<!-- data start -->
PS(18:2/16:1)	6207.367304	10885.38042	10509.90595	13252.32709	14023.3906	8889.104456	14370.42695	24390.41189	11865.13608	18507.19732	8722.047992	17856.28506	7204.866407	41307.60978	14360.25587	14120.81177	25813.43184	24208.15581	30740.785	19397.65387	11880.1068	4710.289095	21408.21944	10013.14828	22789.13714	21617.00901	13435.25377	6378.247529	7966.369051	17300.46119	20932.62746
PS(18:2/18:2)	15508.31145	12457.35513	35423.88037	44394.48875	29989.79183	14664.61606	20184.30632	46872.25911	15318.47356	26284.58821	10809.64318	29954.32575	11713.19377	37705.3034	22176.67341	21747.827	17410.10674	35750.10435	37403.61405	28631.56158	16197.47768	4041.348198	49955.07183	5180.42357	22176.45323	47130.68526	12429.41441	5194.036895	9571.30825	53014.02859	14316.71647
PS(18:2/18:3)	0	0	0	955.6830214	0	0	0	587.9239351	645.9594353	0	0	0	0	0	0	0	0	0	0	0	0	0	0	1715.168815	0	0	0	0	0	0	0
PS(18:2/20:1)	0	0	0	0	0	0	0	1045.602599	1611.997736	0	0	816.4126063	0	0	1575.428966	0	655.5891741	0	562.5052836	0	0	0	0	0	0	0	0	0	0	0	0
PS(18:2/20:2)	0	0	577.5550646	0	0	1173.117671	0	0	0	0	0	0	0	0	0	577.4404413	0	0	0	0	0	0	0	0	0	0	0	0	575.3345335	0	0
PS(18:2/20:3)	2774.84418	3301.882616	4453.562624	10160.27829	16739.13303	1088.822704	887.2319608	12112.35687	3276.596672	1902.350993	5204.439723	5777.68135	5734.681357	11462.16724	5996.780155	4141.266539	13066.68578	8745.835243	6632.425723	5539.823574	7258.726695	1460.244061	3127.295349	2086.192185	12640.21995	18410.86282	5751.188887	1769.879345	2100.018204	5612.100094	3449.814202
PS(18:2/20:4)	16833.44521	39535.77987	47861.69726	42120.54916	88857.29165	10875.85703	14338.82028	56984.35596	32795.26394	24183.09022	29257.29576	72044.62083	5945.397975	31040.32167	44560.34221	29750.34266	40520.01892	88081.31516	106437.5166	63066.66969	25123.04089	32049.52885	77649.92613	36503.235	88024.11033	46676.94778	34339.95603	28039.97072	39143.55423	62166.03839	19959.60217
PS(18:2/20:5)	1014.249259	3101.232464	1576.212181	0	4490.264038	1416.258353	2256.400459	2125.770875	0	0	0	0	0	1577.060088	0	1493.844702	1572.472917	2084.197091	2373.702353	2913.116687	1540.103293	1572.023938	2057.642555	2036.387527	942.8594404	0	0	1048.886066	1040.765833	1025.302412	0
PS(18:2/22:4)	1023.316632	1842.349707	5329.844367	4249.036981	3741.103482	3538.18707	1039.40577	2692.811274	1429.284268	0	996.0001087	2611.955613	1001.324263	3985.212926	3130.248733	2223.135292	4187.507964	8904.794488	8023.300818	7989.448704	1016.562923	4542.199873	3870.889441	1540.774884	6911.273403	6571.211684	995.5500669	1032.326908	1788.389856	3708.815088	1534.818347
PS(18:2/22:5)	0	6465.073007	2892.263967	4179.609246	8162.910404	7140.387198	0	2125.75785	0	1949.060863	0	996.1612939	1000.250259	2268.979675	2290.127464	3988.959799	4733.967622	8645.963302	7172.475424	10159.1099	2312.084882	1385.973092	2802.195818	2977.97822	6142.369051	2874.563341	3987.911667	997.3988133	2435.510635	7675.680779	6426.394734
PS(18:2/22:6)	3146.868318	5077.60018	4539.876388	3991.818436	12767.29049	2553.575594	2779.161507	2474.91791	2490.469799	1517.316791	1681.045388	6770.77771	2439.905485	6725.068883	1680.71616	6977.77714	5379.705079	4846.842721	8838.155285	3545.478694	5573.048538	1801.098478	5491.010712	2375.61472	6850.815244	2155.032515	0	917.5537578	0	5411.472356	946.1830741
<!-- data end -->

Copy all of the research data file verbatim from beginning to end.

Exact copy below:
PS(18:2/16:1)	6207.367304	10885.38042	10509.90595	13252.32709	14023.3906	8889.104456	14370.42695	24390.41189	11865.13608	18507.19732	8722.047992	17856.28506	7204.866407	41307.60978	14360.25587	14120.81177	25813.43184	24208.15581	30740.785	19397.65387	11880.1068	4710.289095	21408.21944	10013.14828	22789.13714	21617.00901	13435.25377	6378.247529	7966.369051	17300.46119	20932.62746
PS(18:2/18:2)	15508.31145	12457.35513	35423.88037	44394.48875	29989.79183	14664.61606	20184.30632	46872.25911	15318.47356	26284.58821	10809.64318	29954.32575	11713.19377	37705.3034	22176.67341	21747.827	17410.10674	35750.10435	37403.61405	28631.56158	16197.47768	4041.348198	49955.07183	5180.42357	22176.45323	47130.68526	12429.41441	5194.036895	9571.30825	53014.02859	14316.71647
PS(18:2/18:3)	0	0	0	955.6830214	0	0	0	587.9239351	645.9594353	0	0	0	0	0	0	0	0	0	0	0	0	0	0	1715.168815	0	0	0	0	0	0	0
PS(18:2/20:1)	0	0	0	0	0	0	0	1045.602599	1611.997736	0	0	816.4126063	0	0	1575.428966	0	655.5891741	0	562.5052836	0	0	0	0	0	0	0	0	0	0	0	0
PS(18:2/20:2)	0	0	577.5550646	0	0	1173.117671	0	0	0	0	0	0	0	0	0	577.4404413	0	0	0	0	0	0	0	0	0	0	0	0	575.3345335	0	0
PS(18:2/20:3)	2774.84418	3301.882616	4453.562624	10160.27829	16739.13303	1088.822704	887.2319608	12112.35687	3276.596672	1902.350993	5204.439723	5777.68135	5734.681357	11462.16724	5996.780155	4141.266539	13066.68578	8745.835243	6632.425723	5539.823574	7258.726695	1460.244061	3127.295349	2086.192185	12640.21995	18410.86282	5751.188887	1769.879345	2100.018204	5612.100094	3449.814202
PS(18:2/20:4)	16833.44521	39535.77987	47861.69726	42120.54916	88857.29165	10875.85703	14338.82028	56984.35596	32795.26394	24183.09022	29257.29576	72044.62083	5945.397975	31040.32167	44560.34221	29750.34266	40520.01892	88081.31516	106437.5166	63066.66969	25123.04089	32049.52885	77649.92613	36503.235	88024.11033	46676.94778	34339.95603	28039.97072	39143.55423	62166.03839	19959.60217
PS(18:2/20:5)	1014.249259	3101.232464	1576.212181	0	4490.264038	1416.258353	2256.400459	2125.770875	0	0	0	0	0	1577.060088	0	1493.844702	1572.472917	2084.197091	2373.702353	2913.116687	1540.103293	1572.023938	2057.642555	2036.387527	942.8594404	0	0	1048.886066	1040.765833	1025.302412	0
PS(18:2/22:4)	1023.316632	1842.349707	5329.844367	4249.036981	3741.103482	3538.18707	1039.40577	2692.811274	1429.284268	0	996.0001087	2611.955613	1001.324263	3985.212926	3130.248733	2223.135292	4187.507964	8904.794488	8023.300818	7989.448704	1016.562923	4542.199873	3870.889441	1540.774884	6911.273403	6571.211684	995.5500669	1032.326908	1788.389856	3708.815088	1534.818347
PS(18:2/22:5)	0	6465.073007	2892.263967	4179.609246	8162.910404	7140.387198	0	2125.75785	0	1949.060863	0	996.1612939	1000.250259	2268.979675	2290.127464	3988.959799	4733.967622	8645.963302	7172.475424	10159.1099	2312.084882	1385.973092	2802.195818	2977.97822	6142.369051	2874.563341	3987.911667	997.3988133	2435.510635	7675.680779	6426.394734
PS(18:2/22:6)	3146.868318	5077.60018	4539.876388	3991.818436	12767.29049	2553.575594	2779.161507	2474.91791	2490.469799	1517.316791	1681.045388	6770.77771	2439.905485	6725.068883	1680.71616	6977.77714	5379.705079	4846.842721	8838.155285	3545.478694	5573.048538	1801.098478	5491.010712	2375.61472	6850.815244	2155.032515	0	917.5537578	0	5411.472356	946.1830741